Despite HSUS’s unnatural proposal to waste and artificially alter our state’s natural resources, and regardless of the vote of the Ann Arbor City Council, the Department of Natural Resources is unlikely to authorize an artificial sterilization of free-ranging Michigan deer. The state’s Deer Management Plan, which is being updated this year, specifically calls for the DNR to pursue policies which encourage and allow the use of hunting, including archery hunting, to reduce urban and suburban deer conflicts. While the cost of artificial sterilization may by itself be a barrier to its adoption by the city, that’s really missing the point. The conservation community of Michigan will never allow a national anti-hunting group like HSUS to artificially alter the biology our free-ranging wildlife and waste the natural resources of the state.
It’s telling that HSUS hates hunting so much that they’re willing to deny 200 servings of healthy protein per deer to the area’s needy in order to artificially alter our wildlife through an expensive and impractical program. But who really expected anything else from them? Just remember that the next time they try to claim they’re not an anti-hunting group. But it’s not going to happen here. We won’t let it. Not in our state. Not with our wildlife. Not with Michigan’s deer.
If you live in Ann Arbor, email your city council representative here and tell them not to artificially alter Ann Arbor’s free-ranging wildlife! If you live elsewhere, be prepared: HSUS may be coming for your deer next.
LANSING—Michigan Department of Natural Resources (DNR) officials announced today that they have found Chronic Wasting Disease (CWD) in a Meridian Township deer. The fatal neurological disease is transmitted among cervids (like deer and elk) through saliva and other fluids in deer and causes them to become emaciated and display odd behavior before succumbing to it. This is the first time that CWD has been found in a wild deer in Michigan.
“Our response to this initial positive deer is consistent with our Chronic Wasting Disease Response Plan,” said Chad Stewart, deer and elk specialist for the DNR. “We’ve identified a three-county zone within ten miles of the infected deer. Within this zone, we will have our entire array of deer hunting seasons available, including early antlerless. We will also make additional antlerless licenses available and initiate a prohibition on feeding and baiting within this zone.”
Michigan United Conservation Clubs (MUCC), Michigan’s largest statewide conservation organization representing over 40,000 hunters, anglers and trappers, urges hunters to cooperate with the DNR’s CWD Response Plan. Baiting congregates deer and can speed the transmission of the disease. Additionally, hunters who harvest a deer in the surveillance area will be required to check their deer.
“Today’s announcement that a CWD-positive deer has been detected in Michigan’s wild deer herd is nothing short of tragic and today is a day many of us hoped would never come, though it is not wholly unexpected.” said Dan Eichinger, executive director of MUCC. “Michigan’s DNR is a national leader in planning for wildlife disease response and MUCC members know they will move swiftly to implement their response plan.”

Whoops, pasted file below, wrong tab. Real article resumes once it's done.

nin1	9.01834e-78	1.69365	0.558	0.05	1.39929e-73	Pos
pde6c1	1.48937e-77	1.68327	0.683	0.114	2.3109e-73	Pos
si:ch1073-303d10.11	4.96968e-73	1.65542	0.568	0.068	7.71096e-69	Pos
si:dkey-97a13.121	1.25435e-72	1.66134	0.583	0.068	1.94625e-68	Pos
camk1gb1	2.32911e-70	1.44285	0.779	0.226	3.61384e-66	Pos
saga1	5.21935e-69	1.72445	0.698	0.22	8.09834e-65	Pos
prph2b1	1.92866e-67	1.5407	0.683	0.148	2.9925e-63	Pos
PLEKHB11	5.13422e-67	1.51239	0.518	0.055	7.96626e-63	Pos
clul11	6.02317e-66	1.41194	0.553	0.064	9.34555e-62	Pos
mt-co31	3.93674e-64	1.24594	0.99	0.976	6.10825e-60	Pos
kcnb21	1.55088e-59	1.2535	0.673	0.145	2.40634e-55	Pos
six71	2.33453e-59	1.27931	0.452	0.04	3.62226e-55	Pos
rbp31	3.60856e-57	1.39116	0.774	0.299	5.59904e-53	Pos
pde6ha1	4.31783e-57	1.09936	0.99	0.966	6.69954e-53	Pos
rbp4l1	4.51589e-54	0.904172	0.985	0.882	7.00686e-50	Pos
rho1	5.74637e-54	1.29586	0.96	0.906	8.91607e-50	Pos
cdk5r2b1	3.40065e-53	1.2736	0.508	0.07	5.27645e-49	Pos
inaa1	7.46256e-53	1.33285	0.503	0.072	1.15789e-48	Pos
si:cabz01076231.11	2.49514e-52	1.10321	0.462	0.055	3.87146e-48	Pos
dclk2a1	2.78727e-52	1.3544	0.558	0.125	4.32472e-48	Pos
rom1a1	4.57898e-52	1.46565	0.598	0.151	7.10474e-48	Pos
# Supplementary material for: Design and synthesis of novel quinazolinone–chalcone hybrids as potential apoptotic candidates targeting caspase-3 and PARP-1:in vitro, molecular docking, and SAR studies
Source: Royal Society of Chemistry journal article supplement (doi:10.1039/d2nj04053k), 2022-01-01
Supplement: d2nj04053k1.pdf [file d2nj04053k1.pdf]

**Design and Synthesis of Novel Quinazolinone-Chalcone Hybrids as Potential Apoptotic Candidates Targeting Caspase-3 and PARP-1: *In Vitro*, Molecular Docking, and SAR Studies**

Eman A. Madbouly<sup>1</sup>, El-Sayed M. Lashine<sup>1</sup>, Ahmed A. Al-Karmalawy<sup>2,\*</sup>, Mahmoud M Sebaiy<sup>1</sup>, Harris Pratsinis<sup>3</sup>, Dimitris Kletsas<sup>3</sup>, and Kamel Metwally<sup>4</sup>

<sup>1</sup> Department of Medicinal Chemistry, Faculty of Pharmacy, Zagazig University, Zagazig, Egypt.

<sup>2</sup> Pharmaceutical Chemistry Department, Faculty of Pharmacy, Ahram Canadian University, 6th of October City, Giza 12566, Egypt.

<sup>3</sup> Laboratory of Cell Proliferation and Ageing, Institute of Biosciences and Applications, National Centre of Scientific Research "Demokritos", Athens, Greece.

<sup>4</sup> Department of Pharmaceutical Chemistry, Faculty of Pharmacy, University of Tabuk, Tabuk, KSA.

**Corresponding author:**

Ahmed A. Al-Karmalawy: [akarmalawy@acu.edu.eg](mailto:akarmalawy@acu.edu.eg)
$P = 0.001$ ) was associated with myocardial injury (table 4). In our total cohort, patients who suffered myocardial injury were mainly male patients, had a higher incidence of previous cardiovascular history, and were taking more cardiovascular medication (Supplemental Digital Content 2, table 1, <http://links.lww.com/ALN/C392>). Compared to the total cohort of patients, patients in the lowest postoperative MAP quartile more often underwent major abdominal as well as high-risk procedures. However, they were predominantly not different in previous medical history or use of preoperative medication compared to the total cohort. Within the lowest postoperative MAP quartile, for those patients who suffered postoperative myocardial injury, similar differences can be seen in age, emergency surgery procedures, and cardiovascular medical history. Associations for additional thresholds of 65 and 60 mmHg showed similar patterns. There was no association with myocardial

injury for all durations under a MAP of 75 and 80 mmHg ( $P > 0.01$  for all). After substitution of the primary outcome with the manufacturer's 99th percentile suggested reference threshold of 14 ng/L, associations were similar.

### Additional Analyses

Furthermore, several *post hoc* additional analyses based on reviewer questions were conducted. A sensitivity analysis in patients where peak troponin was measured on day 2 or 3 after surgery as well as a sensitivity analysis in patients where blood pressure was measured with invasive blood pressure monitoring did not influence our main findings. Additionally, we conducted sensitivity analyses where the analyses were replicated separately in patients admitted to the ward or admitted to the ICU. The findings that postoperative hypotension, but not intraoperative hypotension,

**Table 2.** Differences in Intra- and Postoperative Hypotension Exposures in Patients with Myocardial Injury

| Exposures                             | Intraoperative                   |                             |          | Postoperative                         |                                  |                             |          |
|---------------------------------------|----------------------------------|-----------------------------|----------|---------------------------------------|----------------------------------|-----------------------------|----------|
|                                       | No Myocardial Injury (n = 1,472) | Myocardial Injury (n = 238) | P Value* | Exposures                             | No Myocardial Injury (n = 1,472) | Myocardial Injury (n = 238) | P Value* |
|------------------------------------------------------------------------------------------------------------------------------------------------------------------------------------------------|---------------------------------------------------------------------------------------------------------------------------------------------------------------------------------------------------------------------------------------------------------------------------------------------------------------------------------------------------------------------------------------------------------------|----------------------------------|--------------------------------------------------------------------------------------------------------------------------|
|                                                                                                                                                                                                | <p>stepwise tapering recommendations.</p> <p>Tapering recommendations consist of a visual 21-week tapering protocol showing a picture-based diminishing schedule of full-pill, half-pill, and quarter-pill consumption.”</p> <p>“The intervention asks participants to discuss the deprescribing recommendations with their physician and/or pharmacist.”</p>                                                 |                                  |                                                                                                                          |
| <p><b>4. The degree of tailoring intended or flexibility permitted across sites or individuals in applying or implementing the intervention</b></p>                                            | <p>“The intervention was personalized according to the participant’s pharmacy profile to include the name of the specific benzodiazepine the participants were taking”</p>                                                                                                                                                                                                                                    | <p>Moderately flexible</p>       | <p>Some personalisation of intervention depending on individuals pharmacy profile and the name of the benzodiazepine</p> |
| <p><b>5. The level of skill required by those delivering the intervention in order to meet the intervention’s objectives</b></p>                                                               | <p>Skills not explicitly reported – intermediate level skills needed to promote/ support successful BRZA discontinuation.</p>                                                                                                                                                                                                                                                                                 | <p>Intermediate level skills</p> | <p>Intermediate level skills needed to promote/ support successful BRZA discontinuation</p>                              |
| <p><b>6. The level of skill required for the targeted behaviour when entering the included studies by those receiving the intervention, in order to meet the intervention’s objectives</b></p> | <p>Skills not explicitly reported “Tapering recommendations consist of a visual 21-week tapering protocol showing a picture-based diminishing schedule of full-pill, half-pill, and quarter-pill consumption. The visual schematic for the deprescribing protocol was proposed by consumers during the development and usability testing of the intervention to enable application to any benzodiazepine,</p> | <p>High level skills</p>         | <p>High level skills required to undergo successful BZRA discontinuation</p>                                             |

“MUCC stands ready to assist the DNR in controlling and eradicating this devastating disease in any way we can,” said Eichinger. “We encourage all hunters to do the same.”
“Michigan has a long tradition of hunter support and conservation ethics. Now, with the CWD finding, that support is needed more than ever,” said Steve Schmitt, veterinarian at the DNR Wildlife Disease Lab, in a statement. “Historically, areas where chronic wasting disease has been found have experienced a decline in hunter numbers. Because hunters are often familiar with the deer herd locally, one of the best things they can do to help manage this disease is to continue hunting and bring their deer to check stations this season.”
The infected six-year-old doe (pictured) weighed just 93 pounds, below the average for a mature doe. Genetic testing confirmed that the doe was a local, free-ranging Ingham County deer, not an escapee from a captive cervid facility. The deer had been reported by local residents concerned about its odd behavior. CWD was last found in a captive cervid facility in Kent County in 2008, triggering an earlier version of the CWD Response Plan at that time.
Founded in 1937, Michigan United Conservation Clubs is the largest statewide conservation organization in Michigan. Its mission is to unite citizens to conserve, protect and enhance Michigan’s natural resources and outdoor heritage.
Paul A. Smith of the Milwaukee-Wisconsin Journal-Sentinal analyzes the report from researchers at Case Western Reserve University suggesting that Chronic Wasting Disease (CWD) has the potential to infect humans.
The study, which used humanized transgenic mice, found signs of CWD infection in a small percentage of the test animals.
“These results indicate that the CWD prion has the potential to infect human (central nervous system) and peripheral lymphoid tissues and that there might be asymptomatic human carriers of CWD infection,” the researchers summarized.
A peer-reviewed paper of the findings is expected to be published later this year, perhaps as early as next month.
In Michigan’s core CWD Management Zone, a nine-township area surrounding and including Meridian Township near East Lansing, it will be mandatory for hunters to check their deer. Also, in the three-county area of Ingham, Clinton and Shiawassee, hunters cannot bait. But people are encouraged to keep hunting, because the DNR needs as many checked deer as they can get to test how far the disease has spread in the deer herd. Checking deer will provide hunters with assurance that their deer is CWD-free before consumption, though. As Smith, who hunts in Wisconsin, writes,
I’ve had most deer I’ve shot in the last 10 years tested for CWD. The information (all were negative) put my mind at ease for eating the meat as well as provided landowners with a valuable data point on the health of the local herd.